6 For an account of the establishment of the chair and department of civic design, see Richmond, Peter, Marketing Modernism:The Architecture and Influence of Charles Reilly (Liverpool, 2001), pp. 86105, and Crouch, Christopher, Design Culture in Liverpool,1880–1914: The Origins of the Liverpool School of Architecture (Liverpool, 2002), pp. 164–92.

7 Students could also gain a lower qualification, a ‘certificate’, in civic design.

8 The Transactions of the Royal Institute of British Architects Town Planning Conference,London,10–15 October 1910 (London, 2011), intro. William Whyte, unpaginated. See also Whyte, William, ‘The 1910 Royal Institute of British Architects' Conference: A Focus for International Town Planning?’, Urban History, 39.1 (2012), pp. 149–65.

9 Swenarton, Mark, Homes Fit For Heroes:The Politics and Architecture of Early State Housing in Britain (London, 1981), p. 5.

10 See Neal Shasore, ‘Architecture and the Public in Interwar Britain’ (doctoral thesis, University of Oxford, 2016), pp. 155–58.

11 See Beaufoy, Helena, ‘“Order out of chaos”: The London Society and the Planning of London 1912–1920’, Planning Perspectives, 12.2 (1997), pp. 135–64.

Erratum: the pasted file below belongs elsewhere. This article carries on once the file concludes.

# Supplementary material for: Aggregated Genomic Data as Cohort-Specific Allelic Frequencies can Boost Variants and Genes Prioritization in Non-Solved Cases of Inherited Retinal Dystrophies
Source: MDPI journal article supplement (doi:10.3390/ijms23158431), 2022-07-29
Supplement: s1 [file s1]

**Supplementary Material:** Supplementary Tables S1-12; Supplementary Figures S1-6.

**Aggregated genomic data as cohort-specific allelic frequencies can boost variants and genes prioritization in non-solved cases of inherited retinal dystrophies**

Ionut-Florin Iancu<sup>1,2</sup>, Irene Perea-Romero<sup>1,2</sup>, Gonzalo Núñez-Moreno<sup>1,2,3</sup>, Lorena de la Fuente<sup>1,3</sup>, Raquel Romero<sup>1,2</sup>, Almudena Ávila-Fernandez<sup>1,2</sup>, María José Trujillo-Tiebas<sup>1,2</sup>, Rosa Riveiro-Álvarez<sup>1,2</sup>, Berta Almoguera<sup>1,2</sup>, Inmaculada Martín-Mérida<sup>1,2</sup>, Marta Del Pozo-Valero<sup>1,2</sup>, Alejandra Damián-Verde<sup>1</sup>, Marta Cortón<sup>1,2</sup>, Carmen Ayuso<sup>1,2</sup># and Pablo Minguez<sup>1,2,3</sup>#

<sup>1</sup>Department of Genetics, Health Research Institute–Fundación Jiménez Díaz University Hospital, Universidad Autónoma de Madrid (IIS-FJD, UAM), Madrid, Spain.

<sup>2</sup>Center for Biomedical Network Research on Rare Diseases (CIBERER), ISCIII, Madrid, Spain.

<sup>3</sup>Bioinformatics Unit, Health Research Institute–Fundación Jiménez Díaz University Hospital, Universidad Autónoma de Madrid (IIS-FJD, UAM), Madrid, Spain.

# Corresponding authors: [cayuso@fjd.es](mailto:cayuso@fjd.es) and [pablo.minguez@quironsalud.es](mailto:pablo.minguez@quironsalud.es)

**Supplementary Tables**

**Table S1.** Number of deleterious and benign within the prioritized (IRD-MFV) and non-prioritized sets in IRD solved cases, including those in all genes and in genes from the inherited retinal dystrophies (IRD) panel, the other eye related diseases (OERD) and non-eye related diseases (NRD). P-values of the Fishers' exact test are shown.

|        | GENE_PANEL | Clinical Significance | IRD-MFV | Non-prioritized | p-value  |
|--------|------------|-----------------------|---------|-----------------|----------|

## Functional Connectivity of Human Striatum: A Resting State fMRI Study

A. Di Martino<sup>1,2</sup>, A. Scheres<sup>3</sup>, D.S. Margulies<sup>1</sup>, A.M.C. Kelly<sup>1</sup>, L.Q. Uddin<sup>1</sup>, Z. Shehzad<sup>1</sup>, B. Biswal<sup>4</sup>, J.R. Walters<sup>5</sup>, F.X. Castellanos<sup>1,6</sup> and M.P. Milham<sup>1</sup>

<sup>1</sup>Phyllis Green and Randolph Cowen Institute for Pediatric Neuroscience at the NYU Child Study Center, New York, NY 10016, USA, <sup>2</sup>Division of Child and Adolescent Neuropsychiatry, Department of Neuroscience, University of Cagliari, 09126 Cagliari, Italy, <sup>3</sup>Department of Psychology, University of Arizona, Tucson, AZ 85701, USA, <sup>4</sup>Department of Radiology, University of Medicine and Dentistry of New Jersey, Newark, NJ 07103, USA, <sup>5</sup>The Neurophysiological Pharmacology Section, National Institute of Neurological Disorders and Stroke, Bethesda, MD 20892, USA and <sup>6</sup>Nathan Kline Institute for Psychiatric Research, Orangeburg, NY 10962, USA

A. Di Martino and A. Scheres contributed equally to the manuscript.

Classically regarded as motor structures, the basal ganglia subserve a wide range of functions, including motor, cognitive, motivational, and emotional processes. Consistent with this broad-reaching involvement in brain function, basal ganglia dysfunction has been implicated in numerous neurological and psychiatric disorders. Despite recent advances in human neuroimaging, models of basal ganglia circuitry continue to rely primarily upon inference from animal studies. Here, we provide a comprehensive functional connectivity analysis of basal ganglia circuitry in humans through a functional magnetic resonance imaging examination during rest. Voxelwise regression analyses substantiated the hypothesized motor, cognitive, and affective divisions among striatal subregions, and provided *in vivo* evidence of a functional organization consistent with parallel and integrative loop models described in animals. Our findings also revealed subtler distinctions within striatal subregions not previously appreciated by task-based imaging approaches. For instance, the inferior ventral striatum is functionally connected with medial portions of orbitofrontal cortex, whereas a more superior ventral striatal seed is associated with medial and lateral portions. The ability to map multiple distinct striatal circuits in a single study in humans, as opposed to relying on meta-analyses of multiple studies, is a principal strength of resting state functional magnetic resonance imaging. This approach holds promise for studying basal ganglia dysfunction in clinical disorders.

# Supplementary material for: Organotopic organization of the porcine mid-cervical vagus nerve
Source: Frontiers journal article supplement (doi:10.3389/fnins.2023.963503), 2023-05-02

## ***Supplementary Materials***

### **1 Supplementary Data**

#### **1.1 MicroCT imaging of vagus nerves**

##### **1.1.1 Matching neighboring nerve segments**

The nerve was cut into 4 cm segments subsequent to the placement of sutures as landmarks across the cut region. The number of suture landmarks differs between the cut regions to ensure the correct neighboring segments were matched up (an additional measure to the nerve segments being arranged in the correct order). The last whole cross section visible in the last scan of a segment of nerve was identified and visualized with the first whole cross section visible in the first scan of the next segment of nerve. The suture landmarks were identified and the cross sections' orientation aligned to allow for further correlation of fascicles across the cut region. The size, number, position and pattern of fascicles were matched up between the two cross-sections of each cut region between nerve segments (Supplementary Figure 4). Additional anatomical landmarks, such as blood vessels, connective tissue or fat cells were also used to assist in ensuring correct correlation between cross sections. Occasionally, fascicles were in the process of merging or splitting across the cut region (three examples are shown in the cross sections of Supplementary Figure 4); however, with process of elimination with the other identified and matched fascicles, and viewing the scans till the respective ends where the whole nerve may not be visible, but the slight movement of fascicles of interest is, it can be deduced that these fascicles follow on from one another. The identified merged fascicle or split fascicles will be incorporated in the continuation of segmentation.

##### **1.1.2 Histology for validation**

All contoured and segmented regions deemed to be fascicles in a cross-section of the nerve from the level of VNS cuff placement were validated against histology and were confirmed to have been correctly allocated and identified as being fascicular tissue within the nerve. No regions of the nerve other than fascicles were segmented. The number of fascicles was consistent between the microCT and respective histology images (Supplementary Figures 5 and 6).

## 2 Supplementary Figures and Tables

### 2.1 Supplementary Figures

12 See Sonne, Wolfgang, ‘The Enduring Concept of Civic Art’, in Alternative Visions of Post-War Reconstruction:Creating the Modern Townscape, ed. Pendlebury, John, Erten, Erdem and Larkham, Peter J. (Abingdon, 2015), pp. 1431. Sonne is one of very few planning historians who gives Edwards due attention in his analyses. See also Sonne, Wolfgang, Representing the State:Capital City Planning in the Early Twentieth Century (London, 2003).

13 Robinson, Charles Mulford, Modern Civic Art,or The City Made Beautiful (New York, 1903), and The Improvement of Towns and Cities,or The Practical Basis of Civic Aesthetics (New York, 1901). Another key text is Mawson, Thomas, Civic Art:Studies in Town Planning,Parks,Boulevards and Open Spaces (London, 1911).

14 Transactions of the Royal Institute of British Architects Town Planning Conference. On the wider progressive political context, see Clarke, P.F., Lancashire and the New Liberalism (Cambridge, 1971), pp. 4552, and The Progressive Movement in England’, Transactions of the Royal Historical Society, 24 (1974), pp. 159–81. For Reilly's politics, see Reilly, C.H., Scaffolding in the Sky:A Semi-Architectural Autobiography (London, 1938), pp. 247, 249.

15 Batten, ‘A. Trystan Edwards’.